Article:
Such was the case when, on Saturday, I was in Jinju for the first time in eight years.

Chickens Fried by a ‘Donky,’ Reunions 8 Years in the Making

Sometimes, I feel like a teenager. I feel like I’m 21, leaving the U.S.A. for the first time on a seven-day trip to the Czech Republic. Sometimes, I’m going to South Korea for the first time.

It was almost eight years ago that last one happened. And, while sometimes it seems like no time has passed, the gray hairs becoming even more apparent in my beard and on my arms tell me otherwise.

A Fortress in Jinju

It was late in the autumn of 1592; the gravely outnumbered and perilously outgunned defenders ran out of bullets, cannonballs and arrows to fire at the battle-scarred enemy below. As humongous siege towers approached the high walls of Jinju fortress, the ragtag group of warrior monks, undisciplined guerrillas and disgraced generals that made up the city garrison, began to hurl stones (or anything remotely hefty) over the beleaguered walls. With only a tenth of the numbers opposing them, this seemingly futile resistance, amazingly forced 30,000 invading Samurai warriors to flee. Spirits in the Joseon Kingdom were lifted… for all to brief unfortunately.


40 Days Later, a Reflection

Happy 40-Day Anniversary in South Korea, me. Tip your cap, were you wearing one. Celebrate this Monday morning with folding clothes and cleaning the kitchen area (it really did need it).


An old photo, but the camera batteries are dead again. The kitchen may be even cleaner today. At least, the stovetop is.

What is such a big deal about 40 days? Anyone with me since the beginning will know that this number is the first major milestone of this over seven-year-series of false starts. Of half-hearted attempts. Or, just, of “not-quite-readies.” It was on the 40th day, in December 2005, that I left South Korea for the first time.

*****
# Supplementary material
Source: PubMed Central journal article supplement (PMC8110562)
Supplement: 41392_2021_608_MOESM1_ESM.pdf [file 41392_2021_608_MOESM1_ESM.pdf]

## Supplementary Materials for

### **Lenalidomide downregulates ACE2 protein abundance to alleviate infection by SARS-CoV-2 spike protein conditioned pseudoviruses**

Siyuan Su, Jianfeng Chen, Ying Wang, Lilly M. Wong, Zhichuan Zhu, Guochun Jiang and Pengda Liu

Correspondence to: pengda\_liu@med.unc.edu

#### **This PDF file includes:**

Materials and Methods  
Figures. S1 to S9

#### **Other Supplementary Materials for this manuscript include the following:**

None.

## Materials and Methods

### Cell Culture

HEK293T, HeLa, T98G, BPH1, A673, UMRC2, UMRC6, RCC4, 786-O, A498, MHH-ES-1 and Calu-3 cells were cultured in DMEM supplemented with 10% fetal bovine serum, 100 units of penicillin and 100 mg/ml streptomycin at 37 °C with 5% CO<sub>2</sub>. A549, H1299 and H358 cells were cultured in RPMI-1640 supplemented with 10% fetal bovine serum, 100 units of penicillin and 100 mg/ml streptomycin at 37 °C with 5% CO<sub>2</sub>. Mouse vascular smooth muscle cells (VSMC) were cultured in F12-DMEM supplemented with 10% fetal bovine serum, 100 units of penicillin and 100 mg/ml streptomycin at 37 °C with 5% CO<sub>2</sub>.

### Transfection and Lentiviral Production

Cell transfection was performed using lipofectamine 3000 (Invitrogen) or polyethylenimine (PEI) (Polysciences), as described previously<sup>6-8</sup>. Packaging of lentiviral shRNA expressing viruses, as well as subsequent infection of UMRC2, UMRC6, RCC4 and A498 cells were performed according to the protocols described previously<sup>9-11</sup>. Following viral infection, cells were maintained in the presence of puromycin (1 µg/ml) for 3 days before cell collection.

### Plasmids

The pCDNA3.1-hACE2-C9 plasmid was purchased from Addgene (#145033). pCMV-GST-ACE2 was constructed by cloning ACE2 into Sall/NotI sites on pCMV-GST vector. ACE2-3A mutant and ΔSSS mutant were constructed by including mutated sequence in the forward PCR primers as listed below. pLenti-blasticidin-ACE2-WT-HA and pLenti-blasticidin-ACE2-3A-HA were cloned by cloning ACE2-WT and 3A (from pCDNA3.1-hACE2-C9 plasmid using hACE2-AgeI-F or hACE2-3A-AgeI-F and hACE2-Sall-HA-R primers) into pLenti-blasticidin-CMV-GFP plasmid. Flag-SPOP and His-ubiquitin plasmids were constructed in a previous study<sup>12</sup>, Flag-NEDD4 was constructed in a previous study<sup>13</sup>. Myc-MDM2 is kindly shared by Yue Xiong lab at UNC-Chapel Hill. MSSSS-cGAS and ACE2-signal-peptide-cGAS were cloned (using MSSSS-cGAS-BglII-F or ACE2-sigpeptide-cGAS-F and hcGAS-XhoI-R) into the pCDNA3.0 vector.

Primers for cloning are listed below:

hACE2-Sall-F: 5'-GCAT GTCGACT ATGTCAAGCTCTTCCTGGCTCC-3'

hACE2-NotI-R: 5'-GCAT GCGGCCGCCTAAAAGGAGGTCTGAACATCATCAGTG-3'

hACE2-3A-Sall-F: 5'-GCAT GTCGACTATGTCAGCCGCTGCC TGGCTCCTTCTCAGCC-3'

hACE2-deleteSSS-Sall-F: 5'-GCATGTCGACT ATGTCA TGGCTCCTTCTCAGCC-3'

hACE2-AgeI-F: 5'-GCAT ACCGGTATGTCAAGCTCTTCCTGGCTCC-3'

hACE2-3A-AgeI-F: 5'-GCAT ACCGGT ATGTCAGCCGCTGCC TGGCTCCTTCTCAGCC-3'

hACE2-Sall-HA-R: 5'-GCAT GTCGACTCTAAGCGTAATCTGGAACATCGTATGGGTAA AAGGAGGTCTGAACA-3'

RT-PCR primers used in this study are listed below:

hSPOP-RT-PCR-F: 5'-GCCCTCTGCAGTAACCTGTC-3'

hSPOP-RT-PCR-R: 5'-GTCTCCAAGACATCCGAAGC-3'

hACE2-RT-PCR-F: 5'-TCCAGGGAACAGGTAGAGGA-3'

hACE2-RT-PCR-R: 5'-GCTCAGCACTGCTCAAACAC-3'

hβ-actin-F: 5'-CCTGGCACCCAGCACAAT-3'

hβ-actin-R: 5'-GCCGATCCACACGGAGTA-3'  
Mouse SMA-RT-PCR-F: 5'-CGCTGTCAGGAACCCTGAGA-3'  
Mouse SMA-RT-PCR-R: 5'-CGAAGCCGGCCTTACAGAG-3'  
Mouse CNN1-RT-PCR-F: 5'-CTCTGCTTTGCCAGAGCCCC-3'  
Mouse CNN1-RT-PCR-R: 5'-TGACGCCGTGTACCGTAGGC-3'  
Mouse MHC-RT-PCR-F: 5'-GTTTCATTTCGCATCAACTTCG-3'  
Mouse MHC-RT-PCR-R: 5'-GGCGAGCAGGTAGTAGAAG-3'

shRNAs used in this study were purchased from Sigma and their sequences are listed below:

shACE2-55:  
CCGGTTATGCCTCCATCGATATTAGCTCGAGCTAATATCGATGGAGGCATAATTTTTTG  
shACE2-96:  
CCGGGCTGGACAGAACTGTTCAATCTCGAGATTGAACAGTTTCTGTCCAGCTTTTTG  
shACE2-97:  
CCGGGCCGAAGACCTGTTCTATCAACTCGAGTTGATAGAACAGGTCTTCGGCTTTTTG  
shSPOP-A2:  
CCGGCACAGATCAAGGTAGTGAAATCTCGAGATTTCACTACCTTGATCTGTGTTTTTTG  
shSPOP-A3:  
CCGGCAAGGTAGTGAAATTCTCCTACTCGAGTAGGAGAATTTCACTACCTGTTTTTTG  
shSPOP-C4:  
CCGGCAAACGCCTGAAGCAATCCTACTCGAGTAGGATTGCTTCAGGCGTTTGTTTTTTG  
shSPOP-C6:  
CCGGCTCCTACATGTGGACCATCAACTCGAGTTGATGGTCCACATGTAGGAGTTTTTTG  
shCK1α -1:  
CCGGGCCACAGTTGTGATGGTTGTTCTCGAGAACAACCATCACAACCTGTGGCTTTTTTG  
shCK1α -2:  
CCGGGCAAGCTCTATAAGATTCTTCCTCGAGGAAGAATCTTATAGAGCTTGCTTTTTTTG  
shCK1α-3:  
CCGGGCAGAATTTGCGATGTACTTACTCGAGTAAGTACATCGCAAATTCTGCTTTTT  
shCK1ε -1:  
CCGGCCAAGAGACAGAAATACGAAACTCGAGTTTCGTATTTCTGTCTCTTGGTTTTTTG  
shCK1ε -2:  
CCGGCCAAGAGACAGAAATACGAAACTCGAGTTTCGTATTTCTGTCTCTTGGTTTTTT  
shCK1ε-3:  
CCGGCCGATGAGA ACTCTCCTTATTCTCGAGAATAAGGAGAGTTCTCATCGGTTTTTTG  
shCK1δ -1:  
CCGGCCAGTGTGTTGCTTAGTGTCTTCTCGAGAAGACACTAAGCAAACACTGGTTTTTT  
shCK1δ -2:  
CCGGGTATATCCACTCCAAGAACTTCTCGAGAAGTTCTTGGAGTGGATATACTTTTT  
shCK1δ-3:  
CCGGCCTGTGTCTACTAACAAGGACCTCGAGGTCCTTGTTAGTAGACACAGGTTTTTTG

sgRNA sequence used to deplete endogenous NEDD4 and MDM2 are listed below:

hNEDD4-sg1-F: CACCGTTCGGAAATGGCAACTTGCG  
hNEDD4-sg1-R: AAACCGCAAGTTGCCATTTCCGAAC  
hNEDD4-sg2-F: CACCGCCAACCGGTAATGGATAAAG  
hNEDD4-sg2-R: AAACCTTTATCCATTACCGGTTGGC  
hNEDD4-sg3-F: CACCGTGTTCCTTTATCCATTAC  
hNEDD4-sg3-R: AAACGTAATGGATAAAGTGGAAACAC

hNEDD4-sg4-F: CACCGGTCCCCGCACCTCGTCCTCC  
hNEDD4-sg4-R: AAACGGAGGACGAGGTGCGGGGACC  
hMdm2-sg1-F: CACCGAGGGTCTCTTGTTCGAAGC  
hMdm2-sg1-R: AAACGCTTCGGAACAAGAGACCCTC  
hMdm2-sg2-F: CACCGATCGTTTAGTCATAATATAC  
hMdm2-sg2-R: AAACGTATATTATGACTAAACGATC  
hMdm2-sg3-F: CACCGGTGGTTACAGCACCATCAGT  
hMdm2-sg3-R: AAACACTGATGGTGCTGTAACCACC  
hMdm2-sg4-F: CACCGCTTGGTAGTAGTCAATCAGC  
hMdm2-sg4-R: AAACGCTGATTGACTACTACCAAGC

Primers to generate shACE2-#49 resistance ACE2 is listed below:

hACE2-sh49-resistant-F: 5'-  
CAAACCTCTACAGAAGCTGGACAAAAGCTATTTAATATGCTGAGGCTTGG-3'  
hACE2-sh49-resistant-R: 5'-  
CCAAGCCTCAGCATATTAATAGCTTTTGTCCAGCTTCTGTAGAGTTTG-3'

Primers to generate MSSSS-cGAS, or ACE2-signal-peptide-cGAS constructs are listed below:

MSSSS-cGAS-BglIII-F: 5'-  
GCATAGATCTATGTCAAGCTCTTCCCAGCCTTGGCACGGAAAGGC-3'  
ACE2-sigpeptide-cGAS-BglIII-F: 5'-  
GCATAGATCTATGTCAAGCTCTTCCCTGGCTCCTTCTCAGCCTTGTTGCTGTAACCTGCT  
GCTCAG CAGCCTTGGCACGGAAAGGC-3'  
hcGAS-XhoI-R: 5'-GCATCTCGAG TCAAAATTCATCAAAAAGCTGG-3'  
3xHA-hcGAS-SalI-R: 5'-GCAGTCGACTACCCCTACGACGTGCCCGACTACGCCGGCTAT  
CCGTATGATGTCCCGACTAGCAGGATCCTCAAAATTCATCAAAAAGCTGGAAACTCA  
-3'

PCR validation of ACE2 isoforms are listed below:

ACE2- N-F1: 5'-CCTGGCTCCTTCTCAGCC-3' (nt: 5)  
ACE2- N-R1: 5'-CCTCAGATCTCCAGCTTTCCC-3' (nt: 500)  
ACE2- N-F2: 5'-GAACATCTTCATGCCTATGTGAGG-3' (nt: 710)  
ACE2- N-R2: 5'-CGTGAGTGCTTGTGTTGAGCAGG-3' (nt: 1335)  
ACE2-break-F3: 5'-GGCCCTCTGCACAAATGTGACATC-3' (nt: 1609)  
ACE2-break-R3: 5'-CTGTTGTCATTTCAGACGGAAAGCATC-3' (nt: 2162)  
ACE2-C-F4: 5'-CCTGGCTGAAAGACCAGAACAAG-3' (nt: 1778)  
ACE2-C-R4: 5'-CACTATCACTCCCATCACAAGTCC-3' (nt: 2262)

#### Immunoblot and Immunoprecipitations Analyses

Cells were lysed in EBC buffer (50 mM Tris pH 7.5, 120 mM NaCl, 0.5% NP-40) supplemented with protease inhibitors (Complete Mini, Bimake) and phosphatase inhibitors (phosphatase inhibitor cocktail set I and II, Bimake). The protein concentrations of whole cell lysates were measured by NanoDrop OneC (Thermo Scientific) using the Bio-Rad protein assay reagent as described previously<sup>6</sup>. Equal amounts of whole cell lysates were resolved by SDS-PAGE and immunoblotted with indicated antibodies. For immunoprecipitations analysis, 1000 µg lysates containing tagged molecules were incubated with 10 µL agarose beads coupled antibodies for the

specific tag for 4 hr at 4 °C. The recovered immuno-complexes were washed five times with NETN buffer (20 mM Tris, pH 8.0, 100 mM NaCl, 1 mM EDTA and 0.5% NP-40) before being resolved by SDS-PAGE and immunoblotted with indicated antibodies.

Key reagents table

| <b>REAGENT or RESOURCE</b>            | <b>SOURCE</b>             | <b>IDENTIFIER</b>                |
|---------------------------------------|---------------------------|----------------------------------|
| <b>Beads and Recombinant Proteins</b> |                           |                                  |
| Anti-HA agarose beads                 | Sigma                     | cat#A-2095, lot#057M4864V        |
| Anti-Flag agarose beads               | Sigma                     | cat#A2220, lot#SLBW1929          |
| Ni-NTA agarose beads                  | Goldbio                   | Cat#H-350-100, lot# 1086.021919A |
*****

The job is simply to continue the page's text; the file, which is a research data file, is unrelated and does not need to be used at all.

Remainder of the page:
South Korea Adventure #17- Jirisan National Park 지리산

I have wanted to go to Jirisan for awhile now. I had marked it as a trip tp do for awhile. My original plan was to stay a night out there and make it a weekend. That did not workout, but we managed to get to the mountain by just after 1pm. We has stopped in Uiryeong for lunch. there was an election going on. So there was canditates everywhere, people dancing and the cow. Later we saw the cow in the market, which is the opening of the video. The hiking was great. After leaving Jirisan we rode to Jinju. On the way I stupidly ran out of gas. We had to go back and get some gas. From Jinju we got back to Busan in an hour and a half. We really rode fast. It is about 120km. With a couple spot through some towns. We go lucky with some green lights and only hit one traffic jam, which lasted for about 5km. I also know a shortcut. There is a bridge that lets you cut around Masan. You are not actually supposed to go over by motorcycle.